Saturday, January 31, 2015


When I was in my late teens and twenties, especially my four years in the military, I often hid my love for great songs from Broadway musicals even though WEST SIDE STORY had had an enormous impact on me and even my writing, but then after I joined the movement for women's and gay rights as the 1970s began, I came out and admitted I loved a lot of show tunes.

This article supports the conclusion that singing show tunes can actually improve the minds of people with dementia and Alzheimers. I love science.

Thursday, January 29, 2015


I didn't know Rod McKuen, but I certainly knew his poetry when I was a young man and he was one of the most popular poets in the history of the USA, or the world. In some ways he was the first "spoken word" artist to have an impact.

Back in the 1960s I knew very few Beat chicks, or later Hippie birds, who didn't have a crush on McKuen and his records in which he read his prosy personal conversationally lyric poems. And though I hated to admit it, when some young woman would insist on playing Stanyan Street or Listen To The Warm, I'd pretend to be too hip for it but would actually be moved.

The man had a voice that expressed his take on the dailiness of loneliness and love sickness better than a lot of more technically brilliant poets of the time. And he was a prize-winning composer and song writer. He had enormous popular success but was mostly dismissed by the academy and the book critics and his fellow poets.

Here's a great story about the poet and writer Aram Saroyan's encounter with McKuen when Aram was a young man. Goodnight Rod, you deserved to have been treated better by your poet peers, but at least you had a worldwide audience that loved you.

Wednesday, January 28, 2015


"While looking for the light, you may suddenly be devoured by the darkness and find the true light."  —Jack Kerouac (from The Scripture of the Golden Eternity)

Tuesday, January 27, 2015


Well after watching THE THEORY OF EVERYTHING, I can see why Eddie Redmayne, who plays Stephen Hawking, is the favorite to win the Best Actor Oscar, and has already won other Best Actor awards. He brings Hawking to life in a way that seems so solidly real you forget you're watching an actor transform himself and feel like you're watching Hawking himself. Brilliant performance.

But hopefully not lost in the warranted accolades for Redmayne's performance is the actress who plays his wife, Felicity Jones, whose performance is so nuanced and subtle it might be overshadowed but shouldn't be. It's an amazingly compelling performance, and the aging alone is impressive to watch considering so little of it is done with makeup but rather with attitude.

I wasn't expecting a domestic drama, but these actors make it work, along with the rest of the typically competent Brit cast. Well worth seeing.


Just another January snowstorm it turned out. But because it seemed it might be worse, a lot of friends didn't have to go to school or work today, so a little mini winter vacation was had by all. Not a bad outcome. And, as always, better safe than sorry.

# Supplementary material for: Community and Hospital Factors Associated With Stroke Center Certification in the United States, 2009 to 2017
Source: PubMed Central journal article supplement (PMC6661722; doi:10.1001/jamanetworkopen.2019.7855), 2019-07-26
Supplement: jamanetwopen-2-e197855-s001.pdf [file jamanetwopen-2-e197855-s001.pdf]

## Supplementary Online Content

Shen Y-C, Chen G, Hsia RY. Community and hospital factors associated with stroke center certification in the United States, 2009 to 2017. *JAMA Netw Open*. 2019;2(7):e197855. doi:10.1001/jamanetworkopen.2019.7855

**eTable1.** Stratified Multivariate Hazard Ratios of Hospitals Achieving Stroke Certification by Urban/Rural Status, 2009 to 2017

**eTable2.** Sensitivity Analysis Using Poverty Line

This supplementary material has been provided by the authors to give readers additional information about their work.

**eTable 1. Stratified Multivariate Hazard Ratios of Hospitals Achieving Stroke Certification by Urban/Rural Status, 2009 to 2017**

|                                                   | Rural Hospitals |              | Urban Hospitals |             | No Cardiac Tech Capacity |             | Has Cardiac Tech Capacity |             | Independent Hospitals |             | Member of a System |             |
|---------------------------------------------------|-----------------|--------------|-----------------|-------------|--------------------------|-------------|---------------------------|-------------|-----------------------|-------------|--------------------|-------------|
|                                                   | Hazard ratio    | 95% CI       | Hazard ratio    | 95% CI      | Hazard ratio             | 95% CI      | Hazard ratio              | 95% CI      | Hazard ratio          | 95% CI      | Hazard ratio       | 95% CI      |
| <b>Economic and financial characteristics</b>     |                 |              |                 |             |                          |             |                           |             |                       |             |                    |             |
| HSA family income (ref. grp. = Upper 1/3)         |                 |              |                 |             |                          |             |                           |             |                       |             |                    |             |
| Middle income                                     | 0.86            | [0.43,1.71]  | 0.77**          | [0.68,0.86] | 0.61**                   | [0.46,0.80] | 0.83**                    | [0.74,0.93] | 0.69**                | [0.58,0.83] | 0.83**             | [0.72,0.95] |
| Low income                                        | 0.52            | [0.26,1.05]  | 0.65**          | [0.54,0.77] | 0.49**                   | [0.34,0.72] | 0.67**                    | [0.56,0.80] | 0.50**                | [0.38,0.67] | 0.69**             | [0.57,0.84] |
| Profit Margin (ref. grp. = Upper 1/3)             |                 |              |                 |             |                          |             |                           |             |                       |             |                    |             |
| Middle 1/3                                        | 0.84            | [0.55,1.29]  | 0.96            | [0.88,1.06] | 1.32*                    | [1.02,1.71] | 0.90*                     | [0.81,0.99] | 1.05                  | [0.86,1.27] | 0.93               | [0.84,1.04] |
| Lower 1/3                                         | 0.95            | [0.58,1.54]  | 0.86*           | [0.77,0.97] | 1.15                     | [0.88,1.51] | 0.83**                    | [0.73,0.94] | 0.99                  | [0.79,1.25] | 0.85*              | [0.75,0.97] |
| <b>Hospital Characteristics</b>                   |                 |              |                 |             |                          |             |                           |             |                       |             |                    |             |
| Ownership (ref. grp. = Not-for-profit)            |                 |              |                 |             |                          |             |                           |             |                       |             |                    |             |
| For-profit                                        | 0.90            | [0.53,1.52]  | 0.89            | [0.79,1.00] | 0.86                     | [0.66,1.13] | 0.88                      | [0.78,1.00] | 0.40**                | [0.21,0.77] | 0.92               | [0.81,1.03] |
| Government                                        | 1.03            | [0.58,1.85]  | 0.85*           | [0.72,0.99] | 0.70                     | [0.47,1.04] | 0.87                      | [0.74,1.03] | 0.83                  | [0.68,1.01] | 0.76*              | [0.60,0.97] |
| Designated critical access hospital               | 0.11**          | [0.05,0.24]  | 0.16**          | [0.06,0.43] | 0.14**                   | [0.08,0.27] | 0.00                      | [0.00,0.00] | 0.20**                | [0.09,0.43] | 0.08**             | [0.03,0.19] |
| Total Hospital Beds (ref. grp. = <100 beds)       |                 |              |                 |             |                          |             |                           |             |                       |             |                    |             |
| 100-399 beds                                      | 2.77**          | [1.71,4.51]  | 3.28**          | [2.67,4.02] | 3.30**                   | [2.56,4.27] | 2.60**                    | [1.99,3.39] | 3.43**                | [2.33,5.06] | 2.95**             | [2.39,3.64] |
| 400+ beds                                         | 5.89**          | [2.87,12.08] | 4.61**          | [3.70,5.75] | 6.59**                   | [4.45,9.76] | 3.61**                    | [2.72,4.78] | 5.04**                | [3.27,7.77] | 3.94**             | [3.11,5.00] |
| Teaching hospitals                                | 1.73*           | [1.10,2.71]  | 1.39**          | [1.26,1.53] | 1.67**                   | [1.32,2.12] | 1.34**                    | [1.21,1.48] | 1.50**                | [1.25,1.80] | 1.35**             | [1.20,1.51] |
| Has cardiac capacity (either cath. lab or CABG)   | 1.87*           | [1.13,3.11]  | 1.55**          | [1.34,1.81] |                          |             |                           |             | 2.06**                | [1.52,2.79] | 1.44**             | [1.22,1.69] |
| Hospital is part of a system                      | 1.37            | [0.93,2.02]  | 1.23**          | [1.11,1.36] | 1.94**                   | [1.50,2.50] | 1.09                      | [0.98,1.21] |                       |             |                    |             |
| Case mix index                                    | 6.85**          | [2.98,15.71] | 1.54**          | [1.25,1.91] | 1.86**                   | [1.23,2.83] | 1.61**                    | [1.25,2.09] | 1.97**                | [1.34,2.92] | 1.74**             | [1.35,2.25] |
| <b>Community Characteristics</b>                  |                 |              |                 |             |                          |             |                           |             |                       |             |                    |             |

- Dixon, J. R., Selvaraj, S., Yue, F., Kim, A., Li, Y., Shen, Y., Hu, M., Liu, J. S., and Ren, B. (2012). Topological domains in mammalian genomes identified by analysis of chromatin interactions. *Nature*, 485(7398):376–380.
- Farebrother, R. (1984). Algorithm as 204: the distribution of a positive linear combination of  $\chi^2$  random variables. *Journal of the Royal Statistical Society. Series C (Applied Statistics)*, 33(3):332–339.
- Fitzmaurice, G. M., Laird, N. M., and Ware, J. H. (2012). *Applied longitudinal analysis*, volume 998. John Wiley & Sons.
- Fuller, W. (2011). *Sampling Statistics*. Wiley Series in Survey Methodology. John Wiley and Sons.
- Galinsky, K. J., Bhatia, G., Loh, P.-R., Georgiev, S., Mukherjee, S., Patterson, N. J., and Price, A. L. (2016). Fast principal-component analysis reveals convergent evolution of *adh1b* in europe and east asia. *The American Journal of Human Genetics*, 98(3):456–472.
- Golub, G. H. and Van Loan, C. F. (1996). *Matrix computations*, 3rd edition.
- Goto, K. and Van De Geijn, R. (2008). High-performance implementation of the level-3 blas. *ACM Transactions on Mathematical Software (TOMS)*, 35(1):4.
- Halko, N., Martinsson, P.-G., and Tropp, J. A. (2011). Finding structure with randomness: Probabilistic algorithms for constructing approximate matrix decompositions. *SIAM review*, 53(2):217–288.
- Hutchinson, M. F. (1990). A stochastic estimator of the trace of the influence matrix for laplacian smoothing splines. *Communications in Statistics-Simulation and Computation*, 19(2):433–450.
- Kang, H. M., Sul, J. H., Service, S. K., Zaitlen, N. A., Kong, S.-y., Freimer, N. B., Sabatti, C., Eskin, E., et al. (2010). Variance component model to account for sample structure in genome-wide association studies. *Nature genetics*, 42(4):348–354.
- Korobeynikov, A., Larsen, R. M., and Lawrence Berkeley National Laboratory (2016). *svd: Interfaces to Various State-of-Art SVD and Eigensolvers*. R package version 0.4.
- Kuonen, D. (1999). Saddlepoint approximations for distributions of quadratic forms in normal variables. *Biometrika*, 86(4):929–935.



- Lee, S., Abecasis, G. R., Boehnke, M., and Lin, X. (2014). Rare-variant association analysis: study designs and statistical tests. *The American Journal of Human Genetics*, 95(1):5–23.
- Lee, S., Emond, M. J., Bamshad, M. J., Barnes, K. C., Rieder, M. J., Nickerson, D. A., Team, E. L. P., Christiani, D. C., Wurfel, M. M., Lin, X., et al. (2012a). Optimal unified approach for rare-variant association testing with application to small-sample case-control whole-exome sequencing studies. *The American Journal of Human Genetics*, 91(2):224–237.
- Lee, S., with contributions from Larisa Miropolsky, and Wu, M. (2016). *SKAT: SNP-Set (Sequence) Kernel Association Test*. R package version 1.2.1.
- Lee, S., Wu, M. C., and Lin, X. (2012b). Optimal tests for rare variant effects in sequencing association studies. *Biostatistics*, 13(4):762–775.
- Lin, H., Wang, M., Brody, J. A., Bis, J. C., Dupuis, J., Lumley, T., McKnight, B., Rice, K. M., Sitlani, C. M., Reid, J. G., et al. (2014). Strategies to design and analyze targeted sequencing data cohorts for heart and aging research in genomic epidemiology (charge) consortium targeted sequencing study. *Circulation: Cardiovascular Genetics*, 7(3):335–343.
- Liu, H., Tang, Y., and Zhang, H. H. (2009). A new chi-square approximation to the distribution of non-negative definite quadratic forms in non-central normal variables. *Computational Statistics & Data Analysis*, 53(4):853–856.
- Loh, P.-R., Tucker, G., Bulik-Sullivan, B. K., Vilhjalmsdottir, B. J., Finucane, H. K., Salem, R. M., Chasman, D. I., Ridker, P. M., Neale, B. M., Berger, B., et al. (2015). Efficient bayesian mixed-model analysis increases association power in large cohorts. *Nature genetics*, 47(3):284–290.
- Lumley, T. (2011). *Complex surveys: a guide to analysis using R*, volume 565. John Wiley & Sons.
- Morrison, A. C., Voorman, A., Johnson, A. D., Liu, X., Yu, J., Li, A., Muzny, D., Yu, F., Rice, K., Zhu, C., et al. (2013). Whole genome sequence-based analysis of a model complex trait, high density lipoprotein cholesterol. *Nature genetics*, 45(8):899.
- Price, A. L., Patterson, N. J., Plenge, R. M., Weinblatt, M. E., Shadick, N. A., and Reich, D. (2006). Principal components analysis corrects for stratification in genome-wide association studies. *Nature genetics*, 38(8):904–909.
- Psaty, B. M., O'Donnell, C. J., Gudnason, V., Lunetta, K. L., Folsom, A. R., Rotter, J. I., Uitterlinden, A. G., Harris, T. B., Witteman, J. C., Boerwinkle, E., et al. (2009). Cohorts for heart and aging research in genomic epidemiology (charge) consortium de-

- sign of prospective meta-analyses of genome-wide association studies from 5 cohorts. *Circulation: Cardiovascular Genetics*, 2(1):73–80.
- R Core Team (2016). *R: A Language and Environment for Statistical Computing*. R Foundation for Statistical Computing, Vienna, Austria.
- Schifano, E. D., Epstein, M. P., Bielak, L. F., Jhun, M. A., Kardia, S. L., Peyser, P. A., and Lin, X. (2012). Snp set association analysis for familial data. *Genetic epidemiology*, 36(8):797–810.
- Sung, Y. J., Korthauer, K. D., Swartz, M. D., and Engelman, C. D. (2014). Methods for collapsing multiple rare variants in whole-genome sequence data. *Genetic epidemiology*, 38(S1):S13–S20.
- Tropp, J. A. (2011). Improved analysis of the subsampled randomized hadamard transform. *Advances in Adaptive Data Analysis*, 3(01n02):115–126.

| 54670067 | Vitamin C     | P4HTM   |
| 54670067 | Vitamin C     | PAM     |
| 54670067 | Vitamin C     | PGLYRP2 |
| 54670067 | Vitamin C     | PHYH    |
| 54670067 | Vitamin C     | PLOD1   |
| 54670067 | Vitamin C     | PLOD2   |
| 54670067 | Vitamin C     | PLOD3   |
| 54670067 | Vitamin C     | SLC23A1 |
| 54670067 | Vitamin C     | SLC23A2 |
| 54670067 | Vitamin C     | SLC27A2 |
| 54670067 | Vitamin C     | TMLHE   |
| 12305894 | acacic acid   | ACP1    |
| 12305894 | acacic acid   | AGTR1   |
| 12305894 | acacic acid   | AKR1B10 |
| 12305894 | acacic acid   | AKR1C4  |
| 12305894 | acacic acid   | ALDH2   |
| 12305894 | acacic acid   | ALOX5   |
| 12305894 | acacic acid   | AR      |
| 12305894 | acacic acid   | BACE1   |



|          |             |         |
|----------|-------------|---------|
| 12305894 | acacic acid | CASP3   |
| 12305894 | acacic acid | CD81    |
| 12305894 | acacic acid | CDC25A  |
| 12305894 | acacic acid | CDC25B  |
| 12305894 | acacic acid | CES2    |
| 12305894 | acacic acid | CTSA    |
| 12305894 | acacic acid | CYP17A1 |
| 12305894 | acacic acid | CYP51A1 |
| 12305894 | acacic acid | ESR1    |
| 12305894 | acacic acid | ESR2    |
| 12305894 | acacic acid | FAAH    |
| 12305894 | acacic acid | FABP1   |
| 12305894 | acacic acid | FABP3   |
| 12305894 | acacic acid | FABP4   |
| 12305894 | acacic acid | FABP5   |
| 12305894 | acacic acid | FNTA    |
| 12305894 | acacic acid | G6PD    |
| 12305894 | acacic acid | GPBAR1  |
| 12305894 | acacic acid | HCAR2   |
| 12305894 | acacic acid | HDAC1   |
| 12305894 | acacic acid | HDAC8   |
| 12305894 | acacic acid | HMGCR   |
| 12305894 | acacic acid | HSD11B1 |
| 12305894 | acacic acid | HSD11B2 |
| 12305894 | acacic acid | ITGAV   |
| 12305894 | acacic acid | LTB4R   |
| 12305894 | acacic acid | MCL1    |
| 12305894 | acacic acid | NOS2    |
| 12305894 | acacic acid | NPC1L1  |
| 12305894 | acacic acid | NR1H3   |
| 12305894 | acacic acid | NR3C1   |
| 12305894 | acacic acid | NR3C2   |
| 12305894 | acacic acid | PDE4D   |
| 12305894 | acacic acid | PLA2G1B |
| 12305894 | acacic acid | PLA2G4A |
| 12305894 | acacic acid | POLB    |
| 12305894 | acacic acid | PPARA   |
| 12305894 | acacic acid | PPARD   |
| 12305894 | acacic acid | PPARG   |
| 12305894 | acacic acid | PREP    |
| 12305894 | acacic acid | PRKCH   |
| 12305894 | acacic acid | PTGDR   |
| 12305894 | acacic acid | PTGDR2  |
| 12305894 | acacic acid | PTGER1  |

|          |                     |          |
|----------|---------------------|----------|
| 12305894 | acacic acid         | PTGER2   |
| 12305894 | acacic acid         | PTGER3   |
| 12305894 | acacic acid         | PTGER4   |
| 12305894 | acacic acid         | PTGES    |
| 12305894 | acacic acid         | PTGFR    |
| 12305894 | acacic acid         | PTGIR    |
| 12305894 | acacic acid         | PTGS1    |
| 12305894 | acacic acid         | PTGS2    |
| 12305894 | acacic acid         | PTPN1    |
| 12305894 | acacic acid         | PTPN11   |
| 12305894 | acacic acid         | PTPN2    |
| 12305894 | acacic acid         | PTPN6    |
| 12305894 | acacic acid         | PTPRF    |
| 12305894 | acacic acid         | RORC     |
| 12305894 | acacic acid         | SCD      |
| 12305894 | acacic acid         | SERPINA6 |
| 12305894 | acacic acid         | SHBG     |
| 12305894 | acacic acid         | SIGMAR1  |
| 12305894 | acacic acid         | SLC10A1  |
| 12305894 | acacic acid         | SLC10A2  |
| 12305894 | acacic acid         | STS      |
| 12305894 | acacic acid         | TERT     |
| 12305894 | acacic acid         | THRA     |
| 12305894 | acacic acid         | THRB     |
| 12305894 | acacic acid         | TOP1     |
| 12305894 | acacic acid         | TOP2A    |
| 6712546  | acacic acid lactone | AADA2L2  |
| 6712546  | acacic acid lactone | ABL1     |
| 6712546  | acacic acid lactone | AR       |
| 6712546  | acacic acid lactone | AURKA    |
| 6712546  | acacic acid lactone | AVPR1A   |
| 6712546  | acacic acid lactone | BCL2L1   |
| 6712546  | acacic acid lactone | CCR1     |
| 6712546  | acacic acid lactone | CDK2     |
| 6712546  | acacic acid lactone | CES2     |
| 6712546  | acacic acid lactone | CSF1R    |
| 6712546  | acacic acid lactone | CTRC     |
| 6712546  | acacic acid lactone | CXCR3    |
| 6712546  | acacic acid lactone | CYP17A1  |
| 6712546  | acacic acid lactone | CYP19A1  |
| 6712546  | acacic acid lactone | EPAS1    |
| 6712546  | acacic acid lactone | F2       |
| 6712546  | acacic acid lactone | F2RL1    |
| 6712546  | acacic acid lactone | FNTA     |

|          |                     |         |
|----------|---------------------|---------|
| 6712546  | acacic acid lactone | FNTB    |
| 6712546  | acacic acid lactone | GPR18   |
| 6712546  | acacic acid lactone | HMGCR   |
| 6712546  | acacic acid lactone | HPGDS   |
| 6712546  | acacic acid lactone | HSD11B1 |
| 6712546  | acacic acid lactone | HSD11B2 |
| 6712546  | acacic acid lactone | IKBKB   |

[PS: Friends in the Boston area and on the cape got slammed with what NYC was supposed to get, so here's to a quick recovery from the storm damage for all of Eastern Mass. and much of New England...]

Sunday, January 25, 2015


I'm not going to comment on all the SAG awards that were won tonight, but just wanted to note that two of my favorite performances were recognized: Patricia Arquette for best supporting actress in a movie for BOYHOOD and J.K. Simmons for best supporting actor in a movie for WHIPLASH. Well deserved and who I voted for.

And their acceptance speeches were good too, especially Simmons's, which stated the obvious but you don't hear said much, which is that any production that uses actors, whether in movies, on TV or on stage, the success of the endeavor requires that every actor, even one with only one line, has to bring it for the whole piece to work.

I used to say having the kinds of small roles I did for years in films and on TV was challenging because it's like Picasso paints a canvas except for one little piece of the corner of the canvas which you are then asked to finish. It ain't as easy as just making your own painting.

Anyway, the rest of the awards were relatively predictable (I suppose some would say Arguette's and Simmons's wins were too, but they were both first timers I think, at least in that category and a few months ago neither were very high on the expected winners list) and I was happy enough for the recipients. Though BIRDMAN winning for best cast of a movie seemed a little bit of a stretch for me, as much as I liked that film and the performances.

BOYHOOD's performances were more demanding (picking up the thread once a year for a few weeks for twelve feckin years, come on, that's challenging) and all the best movies had amazing ensemble work. But I won't argue with any of the awards, I'm just happy that Arquette and Simmons won. If you haven't seen their performances, please as soon as you get the chance check out BOYHOOD and WHIPLASH.


Saturday, January 24, 2015


If you've been reading this blog for any length of time, you've seen Simon Pettet mentioned. He's an old friend and one of my favorite poets and he has a new book of poems out from Talisman House called AS A BEE.

As always with Simon's poetry, a lot of what makes his poems so evocative and provocative is what he leaves out. He's a minimalist lyric poet with a contemporary twist on what initially seems to be irony but turns out to be sincerity in a more subtle form.

Not easy to do, and not everyone can do it, and no one does it quite like Simon. Here's an example from AS A BEE:


I climb inside the Old Woman
and peak through the eye

I trace circles on the bark
on the varnished slice
that's so proudly on display

I look up hundreds of feet
into the sky
into the canopy
of branches
where other whisperers
and other trees are growing"

When he reads his poetry to audiences, Simon often will recite one of his poems twice, the second time—slightly different in rhythm and tone—will always bring out subtleties not noticed before. I would advise anyone reading this book to do the same. Read each poem twice and see if it doesn't begin to resonate in a new way the second time.

Simon's poems demand a kind of surrender to their seeming simplicity in order to become aware of the deeper complexities he's addressing or expressing. That's my take anyway. Here's another: